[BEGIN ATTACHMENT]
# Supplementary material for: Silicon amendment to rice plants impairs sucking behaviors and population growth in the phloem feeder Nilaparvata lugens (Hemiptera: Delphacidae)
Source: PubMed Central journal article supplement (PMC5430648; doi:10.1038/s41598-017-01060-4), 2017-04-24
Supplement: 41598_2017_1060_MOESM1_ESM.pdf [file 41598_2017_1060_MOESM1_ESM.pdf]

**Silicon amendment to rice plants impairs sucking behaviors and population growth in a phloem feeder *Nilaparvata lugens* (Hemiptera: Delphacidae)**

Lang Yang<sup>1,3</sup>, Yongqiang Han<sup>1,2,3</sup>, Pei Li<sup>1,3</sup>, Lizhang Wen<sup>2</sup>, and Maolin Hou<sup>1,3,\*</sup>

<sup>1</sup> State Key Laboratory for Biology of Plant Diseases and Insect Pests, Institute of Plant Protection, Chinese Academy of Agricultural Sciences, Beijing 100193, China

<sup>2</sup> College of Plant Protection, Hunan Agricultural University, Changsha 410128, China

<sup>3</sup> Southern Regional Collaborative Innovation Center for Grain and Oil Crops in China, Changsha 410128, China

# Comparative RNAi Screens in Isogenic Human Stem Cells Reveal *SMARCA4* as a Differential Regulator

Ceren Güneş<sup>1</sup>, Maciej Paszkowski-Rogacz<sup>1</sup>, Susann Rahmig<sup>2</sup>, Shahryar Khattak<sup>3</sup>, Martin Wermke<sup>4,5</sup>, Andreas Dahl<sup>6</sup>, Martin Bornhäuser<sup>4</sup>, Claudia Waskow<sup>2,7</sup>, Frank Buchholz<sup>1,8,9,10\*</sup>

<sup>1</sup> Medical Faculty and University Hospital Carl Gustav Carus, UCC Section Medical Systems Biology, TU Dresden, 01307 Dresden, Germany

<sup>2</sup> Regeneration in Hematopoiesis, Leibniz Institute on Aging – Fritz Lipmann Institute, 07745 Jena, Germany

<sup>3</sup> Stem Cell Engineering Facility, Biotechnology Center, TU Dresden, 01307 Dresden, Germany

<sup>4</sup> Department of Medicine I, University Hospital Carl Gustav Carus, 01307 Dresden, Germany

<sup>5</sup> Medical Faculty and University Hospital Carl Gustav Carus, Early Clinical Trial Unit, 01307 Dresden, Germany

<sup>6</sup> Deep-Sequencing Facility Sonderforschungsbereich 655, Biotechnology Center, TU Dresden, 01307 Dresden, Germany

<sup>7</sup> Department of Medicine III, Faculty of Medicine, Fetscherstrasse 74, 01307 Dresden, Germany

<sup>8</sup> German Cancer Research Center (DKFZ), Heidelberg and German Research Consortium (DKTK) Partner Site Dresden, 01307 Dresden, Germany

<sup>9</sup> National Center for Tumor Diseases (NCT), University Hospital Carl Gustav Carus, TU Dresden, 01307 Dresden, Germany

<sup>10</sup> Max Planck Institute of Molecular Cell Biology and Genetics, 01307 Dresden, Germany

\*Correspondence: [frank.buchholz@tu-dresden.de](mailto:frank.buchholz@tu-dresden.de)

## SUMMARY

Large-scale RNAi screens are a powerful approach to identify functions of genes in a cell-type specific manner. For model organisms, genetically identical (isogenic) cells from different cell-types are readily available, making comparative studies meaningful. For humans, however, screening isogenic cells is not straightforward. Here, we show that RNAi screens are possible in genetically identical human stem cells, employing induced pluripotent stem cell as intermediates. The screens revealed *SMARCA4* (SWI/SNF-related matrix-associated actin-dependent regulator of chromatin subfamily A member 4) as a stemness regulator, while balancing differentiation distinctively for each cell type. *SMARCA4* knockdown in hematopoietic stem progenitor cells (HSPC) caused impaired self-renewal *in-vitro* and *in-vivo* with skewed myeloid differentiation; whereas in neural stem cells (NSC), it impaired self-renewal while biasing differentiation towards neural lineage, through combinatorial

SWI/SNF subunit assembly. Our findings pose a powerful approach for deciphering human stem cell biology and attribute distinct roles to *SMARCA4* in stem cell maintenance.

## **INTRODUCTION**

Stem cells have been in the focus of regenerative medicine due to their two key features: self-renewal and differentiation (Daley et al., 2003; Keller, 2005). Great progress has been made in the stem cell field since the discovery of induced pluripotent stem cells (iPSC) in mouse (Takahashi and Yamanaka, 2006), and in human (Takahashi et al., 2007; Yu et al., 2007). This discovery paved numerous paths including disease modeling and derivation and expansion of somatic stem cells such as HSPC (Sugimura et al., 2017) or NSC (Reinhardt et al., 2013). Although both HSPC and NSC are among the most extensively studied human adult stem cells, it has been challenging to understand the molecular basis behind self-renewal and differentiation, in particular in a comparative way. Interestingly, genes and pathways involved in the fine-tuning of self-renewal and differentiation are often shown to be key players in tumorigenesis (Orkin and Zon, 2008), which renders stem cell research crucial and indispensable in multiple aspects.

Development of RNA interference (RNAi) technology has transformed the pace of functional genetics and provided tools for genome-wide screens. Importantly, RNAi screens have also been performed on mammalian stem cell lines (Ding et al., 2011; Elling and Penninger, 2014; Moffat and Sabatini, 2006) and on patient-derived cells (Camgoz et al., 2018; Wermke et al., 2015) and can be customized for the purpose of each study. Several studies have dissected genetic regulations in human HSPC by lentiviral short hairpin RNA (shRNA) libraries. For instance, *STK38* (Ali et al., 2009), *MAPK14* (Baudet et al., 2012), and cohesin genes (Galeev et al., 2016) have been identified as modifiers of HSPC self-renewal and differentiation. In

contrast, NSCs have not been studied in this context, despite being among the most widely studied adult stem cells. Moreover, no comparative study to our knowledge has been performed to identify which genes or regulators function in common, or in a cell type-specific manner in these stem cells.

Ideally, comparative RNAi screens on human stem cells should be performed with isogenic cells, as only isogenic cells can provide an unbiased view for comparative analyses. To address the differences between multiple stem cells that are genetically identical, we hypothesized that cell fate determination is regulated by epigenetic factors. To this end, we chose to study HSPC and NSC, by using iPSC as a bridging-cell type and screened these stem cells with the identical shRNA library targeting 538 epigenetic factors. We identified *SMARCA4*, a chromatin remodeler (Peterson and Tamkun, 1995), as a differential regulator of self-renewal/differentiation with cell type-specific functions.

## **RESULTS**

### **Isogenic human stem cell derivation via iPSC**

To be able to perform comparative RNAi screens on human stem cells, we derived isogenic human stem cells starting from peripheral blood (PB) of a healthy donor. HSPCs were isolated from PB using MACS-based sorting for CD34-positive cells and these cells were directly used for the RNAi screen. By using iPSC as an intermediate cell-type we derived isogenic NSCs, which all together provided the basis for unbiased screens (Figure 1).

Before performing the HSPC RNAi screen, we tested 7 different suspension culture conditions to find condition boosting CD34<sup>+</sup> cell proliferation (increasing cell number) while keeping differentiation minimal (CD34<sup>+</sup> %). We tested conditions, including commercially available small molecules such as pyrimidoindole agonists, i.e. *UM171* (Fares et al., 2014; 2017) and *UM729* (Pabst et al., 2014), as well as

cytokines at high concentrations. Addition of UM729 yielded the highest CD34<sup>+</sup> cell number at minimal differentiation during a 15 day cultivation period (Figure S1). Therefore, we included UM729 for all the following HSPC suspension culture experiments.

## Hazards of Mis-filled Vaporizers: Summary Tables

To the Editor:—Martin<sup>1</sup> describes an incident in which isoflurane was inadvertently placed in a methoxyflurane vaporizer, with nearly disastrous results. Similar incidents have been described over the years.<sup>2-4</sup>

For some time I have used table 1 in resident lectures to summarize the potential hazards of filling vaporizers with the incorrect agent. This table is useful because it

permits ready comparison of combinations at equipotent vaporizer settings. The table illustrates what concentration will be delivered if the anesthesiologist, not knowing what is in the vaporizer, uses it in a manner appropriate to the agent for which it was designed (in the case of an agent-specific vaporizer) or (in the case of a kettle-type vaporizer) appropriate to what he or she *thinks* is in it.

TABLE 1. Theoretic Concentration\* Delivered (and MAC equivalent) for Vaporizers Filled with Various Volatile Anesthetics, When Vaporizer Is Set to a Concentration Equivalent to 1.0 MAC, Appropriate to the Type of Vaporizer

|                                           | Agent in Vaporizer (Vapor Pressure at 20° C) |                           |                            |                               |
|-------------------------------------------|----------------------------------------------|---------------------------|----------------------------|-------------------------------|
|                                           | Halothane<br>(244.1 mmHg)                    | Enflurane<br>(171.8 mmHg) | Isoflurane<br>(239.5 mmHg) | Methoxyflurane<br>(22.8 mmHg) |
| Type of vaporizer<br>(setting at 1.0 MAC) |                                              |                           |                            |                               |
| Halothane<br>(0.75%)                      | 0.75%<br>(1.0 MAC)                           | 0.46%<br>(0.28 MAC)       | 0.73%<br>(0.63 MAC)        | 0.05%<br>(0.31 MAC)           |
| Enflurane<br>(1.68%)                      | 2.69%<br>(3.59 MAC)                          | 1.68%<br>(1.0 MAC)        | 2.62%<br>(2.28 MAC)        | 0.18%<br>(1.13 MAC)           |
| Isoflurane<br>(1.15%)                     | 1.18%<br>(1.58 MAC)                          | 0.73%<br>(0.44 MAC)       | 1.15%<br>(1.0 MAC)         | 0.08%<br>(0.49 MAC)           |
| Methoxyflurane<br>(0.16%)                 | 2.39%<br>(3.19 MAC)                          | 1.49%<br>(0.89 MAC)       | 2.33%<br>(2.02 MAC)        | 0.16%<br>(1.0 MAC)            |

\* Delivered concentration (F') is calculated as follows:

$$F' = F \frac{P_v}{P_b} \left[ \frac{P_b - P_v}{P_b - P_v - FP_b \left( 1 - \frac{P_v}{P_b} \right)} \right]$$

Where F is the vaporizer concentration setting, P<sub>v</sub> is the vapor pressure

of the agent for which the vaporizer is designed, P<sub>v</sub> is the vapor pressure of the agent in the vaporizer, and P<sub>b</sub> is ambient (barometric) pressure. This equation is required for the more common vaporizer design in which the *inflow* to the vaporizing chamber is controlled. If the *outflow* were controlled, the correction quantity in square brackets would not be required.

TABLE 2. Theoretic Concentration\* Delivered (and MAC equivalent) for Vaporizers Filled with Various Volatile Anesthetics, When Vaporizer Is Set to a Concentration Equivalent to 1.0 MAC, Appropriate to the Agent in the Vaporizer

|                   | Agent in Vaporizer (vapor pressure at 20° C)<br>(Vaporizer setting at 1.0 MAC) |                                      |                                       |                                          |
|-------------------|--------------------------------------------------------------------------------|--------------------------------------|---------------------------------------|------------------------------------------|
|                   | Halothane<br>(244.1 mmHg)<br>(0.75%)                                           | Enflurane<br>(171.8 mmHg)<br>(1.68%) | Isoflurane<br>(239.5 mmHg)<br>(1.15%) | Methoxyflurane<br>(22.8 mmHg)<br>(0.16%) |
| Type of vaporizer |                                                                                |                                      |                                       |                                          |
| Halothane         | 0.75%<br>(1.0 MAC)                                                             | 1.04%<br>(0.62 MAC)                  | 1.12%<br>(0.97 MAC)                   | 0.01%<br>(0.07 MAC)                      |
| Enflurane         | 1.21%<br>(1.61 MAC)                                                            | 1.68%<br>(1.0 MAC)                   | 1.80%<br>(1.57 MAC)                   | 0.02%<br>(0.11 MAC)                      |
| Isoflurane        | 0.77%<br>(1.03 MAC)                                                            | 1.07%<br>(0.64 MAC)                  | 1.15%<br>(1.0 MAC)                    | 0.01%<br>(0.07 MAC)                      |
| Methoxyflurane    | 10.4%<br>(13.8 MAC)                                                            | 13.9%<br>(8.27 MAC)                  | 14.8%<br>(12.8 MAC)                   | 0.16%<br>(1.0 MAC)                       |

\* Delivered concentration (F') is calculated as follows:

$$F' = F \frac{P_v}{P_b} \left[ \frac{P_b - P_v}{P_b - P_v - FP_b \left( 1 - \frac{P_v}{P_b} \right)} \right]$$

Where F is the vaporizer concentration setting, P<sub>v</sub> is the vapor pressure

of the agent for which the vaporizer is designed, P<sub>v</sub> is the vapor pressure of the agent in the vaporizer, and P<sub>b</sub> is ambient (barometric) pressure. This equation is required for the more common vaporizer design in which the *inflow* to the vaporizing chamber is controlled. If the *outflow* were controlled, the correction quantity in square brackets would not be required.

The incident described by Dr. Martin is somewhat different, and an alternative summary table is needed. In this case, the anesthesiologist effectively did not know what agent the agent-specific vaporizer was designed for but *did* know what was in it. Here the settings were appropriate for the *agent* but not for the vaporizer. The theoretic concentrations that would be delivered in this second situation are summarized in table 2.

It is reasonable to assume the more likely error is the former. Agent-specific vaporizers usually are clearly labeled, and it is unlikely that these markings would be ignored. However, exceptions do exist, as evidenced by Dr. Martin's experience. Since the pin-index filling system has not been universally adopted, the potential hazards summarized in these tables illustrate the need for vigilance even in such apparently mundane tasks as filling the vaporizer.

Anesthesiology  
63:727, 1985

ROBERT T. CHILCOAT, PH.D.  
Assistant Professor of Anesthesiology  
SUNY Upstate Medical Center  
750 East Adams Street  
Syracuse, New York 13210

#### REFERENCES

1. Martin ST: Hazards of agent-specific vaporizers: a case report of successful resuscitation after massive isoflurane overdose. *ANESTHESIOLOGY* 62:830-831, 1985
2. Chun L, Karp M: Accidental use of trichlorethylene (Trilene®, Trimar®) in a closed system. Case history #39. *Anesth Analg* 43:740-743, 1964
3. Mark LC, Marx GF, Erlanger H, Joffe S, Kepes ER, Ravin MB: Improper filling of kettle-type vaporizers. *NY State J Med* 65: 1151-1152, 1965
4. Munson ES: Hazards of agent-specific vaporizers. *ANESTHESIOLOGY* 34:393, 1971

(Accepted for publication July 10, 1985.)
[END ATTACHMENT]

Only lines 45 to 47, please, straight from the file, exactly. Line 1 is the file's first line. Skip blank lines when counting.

| Enflurane<br>(1.68%)                      | 2.69%<br>(3.59 MAC)                          | 1.68%<br>(1.0 MAC)        | 2.62%<br>(2.28 MAC)        | 0.18%<br>(1.13 MAC)           |
| Isoflurane<br>(1.15%)                     | 1.18%<br>(1.58 MAC)                          | 0.73%<br>(0.44 MAC)       | 1.15%<br>(1.0 MAC)         | 0.08%<br>(0.49 MAC)           |
| Methoxyflurane<br>(0.16%)                 | 2.39%<br>(3.19 MAC)                          | 1.49%<br>(0.89 MAC)       | 2.33%<br>(2.02 MAC)        | 0.16%<br>(1.0 MAC)            |